Rand Paul and Ted Cruz came off the campaign trail to do their best to derail it, but the two-year budget deal easily passed in the Senate by an almost 2:1 margin. The 64-35 early-morning vote would have bested any filibuster in the end, and now waits for Barack Obama’s signature:
The Senate voted early Friday morning to approve a two-year budget deal that would increase spending limits and avert a damaging default, essentially ending the budgetary battles that have defined President Obama’s relationship with Congress in recent years.
The legislation passed by a vote of 64-35 after overcoming objections from conservative senators, including presidential candidates Rand Paul (R-Ky.) and Ted Cruz (R-Texas), that forced a rare series of votes at 1 a.m. President Obama has until Nov. 3 to sign the agreement before the debt-limit deadline set by the Treasury Department.
Cruz ripped his party’s leadership for negotiating behind closed doors, and not just in a momentary rush to head off a crisis:
Conservatives in both chambers criticized the deal both because it was hatched behind closed doors rather than through the committee process and because they argued it is bad policy.
Many complained that the provisions in the bill that are used to offset the cost of the new spending are gimmicks or promise savings in the future for money the government will spend immediately.
Cruz criticized leaders for negotiating behind closed doors and for agreeing to President Obama’s requests for additional spending.
“This wasn’t a slapdash on a post-it note last night,” Cruz said. “This represents days or weeks or months of negotiations. This represents the Cartel in all of its glory because this is the combined work product of John Boehner and Nancy Pelosi and Mitch McConnell and Harry Reid.”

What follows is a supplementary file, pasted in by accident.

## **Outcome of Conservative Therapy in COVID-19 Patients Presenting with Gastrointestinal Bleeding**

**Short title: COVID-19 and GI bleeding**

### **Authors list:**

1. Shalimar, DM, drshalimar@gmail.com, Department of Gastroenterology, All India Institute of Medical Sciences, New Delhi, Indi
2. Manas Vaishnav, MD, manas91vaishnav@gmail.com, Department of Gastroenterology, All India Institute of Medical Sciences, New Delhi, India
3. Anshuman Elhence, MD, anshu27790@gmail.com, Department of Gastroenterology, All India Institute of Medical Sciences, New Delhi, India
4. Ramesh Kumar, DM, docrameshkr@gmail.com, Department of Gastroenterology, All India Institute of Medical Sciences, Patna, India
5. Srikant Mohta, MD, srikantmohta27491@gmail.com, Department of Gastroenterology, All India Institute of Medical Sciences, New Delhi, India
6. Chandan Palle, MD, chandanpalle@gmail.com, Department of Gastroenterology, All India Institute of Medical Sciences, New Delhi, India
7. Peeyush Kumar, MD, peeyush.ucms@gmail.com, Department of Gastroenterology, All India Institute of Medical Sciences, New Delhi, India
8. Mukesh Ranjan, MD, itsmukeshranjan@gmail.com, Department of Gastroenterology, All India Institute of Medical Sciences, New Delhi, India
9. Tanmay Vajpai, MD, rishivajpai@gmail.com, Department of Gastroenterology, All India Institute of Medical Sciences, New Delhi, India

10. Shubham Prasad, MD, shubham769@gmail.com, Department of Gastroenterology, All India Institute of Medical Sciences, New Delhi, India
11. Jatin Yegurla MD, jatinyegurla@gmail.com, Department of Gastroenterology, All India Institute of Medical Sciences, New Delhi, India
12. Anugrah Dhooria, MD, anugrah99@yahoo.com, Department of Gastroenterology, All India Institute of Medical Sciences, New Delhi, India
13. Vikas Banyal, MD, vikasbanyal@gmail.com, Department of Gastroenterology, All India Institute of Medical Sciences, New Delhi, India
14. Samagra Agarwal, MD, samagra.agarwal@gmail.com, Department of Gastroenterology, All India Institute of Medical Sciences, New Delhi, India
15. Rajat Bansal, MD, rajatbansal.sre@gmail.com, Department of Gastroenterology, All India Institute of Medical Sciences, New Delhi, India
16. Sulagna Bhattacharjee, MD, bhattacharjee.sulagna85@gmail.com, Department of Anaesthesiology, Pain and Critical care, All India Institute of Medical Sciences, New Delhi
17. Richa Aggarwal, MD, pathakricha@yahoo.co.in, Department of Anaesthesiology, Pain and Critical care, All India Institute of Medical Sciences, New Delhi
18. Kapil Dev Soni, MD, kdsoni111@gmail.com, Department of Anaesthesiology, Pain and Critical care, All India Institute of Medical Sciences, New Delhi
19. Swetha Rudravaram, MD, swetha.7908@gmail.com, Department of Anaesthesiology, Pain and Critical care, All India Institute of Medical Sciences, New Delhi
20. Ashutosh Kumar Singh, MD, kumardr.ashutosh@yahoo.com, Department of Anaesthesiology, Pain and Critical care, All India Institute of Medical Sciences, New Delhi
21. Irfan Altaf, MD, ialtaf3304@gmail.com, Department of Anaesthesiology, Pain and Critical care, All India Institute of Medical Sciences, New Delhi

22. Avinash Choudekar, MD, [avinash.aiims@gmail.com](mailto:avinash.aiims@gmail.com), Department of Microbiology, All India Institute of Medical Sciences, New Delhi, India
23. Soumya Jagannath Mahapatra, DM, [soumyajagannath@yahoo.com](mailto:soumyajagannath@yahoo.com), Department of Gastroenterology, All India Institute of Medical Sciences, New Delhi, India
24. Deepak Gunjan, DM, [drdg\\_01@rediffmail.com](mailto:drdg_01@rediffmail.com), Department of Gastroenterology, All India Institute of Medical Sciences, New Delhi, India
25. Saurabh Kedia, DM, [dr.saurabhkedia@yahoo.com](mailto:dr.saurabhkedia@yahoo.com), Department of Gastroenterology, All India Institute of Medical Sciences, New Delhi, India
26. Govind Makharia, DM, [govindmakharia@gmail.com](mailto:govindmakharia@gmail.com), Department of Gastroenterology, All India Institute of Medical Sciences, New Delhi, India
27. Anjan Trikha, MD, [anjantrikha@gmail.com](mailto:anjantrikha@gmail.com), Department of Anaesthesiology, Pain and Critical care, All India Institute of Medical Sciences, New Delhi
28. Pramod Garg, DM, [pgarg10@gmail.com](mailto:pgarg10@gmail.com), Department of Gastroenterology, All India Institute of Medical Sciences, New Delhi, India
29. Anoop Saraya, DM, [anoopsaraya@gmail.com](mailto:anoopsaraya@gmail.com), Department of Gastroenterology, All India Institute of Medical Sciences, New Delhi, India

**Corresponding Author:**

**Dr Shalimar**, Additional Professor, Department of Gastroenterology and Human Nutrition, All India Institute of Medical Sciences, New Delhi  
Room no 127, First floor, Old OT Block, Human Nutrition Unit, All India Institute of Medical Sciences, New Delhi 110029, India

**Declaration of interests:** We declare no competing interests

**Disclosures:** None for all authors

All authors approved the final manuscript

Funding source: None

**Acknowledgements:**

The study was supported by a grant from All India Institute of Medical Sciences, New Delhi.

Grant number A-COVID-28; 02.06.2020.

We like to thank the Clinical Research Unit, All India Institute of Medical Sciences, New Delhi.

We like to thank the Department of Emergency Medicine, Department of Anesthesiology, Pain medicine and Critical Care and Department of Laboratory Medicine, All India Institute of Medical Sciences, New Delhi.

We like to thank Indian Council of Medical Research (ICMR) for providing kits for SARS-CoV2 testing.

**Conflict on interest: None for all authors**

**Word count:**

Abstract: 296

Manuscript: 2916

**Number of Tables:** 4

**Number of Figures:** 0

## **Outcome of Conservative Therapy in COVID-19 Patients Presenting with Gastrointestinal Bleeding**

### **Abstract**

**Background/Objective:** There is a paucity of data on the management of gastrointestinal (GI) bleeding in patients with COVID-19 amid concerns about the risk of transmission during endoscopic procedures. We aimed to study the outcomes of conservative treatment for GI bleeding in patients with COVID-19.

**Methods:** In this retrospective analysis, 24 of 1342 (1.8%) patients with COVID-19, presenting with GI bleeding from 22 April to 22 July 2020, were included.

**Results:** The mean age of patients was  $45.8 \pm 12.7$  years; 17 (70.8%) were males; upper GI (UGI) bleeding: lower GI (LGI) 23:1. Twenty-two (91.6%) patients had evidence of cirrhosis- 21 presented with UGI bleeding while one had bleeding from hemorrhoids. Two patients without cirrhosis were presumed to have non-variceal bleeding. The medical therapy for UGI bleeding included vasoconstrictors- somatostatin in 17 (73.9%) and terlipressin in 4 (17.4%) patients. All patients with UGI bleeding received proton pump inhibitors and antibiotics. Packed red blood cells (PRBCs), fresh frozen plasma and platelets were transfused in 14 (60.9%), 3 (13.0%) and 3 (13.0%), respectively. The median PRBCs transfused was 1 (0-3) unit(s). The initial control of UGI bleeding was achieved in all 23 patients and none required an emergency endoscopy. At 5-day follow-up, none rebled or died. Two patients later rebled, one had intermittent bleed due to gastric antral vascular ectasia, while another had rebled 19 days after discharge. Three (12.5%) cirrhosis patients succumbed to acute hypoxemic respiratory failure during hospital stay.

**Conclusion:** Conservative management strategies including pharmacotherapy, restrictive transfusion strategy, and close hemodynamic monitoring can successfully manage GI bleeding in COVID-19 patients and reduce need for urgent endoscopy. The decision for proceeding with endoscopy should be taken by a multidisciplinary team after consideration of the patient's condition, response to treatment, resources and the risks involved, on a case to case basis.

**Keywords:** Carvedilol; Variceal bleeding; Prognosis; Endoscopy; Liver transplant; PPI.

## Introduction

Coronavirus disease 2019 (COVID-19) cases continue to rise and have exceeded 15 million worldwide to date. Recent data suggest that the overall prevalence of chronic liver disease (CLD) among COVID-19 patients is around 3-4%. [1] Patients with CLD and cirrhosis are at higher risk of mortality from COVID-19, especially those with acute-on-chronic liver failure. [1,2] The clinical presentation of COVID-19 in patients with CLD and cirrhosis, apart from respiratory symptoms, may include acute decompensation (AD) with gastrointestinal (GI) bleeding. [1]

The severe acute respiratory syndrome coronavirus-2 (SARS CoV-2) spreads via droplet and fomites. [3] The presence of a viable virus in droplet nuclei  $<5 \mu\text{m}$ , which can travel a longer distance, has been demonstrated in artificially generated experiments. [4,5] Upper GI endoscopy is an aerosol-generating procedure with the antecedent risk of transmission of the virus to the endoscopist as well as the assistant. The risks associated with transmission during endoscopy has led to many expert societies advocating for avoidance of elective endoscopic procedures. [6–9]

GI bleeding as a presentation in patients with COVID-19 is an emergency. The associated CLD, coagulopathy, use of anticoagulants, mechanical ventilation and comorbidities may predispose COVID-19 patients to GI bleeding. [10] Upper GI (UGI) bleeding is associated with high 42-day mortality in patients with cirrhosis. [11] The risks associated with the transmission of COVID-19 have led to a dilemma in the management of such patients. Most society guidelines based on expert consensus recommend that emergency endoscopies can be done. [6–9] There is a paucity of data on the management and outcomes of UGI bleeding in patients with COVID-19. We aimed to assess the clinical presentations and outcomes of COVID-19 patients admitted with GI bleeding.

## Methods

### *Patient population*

Cloture passed on a 63-35 vote prior to passage of the budget deal, with all 35 nays coming from Republicans. Among the presidential contenders, Cruz, Paul, and Marco Rubio voted against cloture, but Lindsey Graham voted in favor of ending debate. Other Republicans voting for cloture were:
- Lamar Alexander
- Kelly Ayotte
- John Barrasso
- Shelley Moore Capito
- Susan Collins
- John Cornyn
- Orrin Hatch
- Mark Kirk
- John McCain
- Mitch McConnell
- Lisa Murkowski
- Pat Roberts
- Mike Rounds
- John Thune
- Thom Tillis
- Roger Wicker
The final vote on passage had not been posted at the time of this writing, but presumably the votes are very similar, if not identical.
This doesn’t put an end to budget fights altogether, but it does take two important issues off the table — spending levels and the debt limit. It also sticks the next President with a need to act immediately on the latter, as the waiver expires in March 2017, but that’s mostly a sideshow. The fights over budgets will now move to appropriation bills, and that may get very contentious, especially if the GOP attaches riders to which Obama will object, and it’s a safe bet that we’ll see some of those.
The best short-term solution to this kind of backroom dealing is exactly what Paul Ryan promised yesterday: a return to regular order and the committee process. The better long-term solution will be to elect a fiscal conservative as President in order to eliminate the demand for spending increases and regulatory expansion.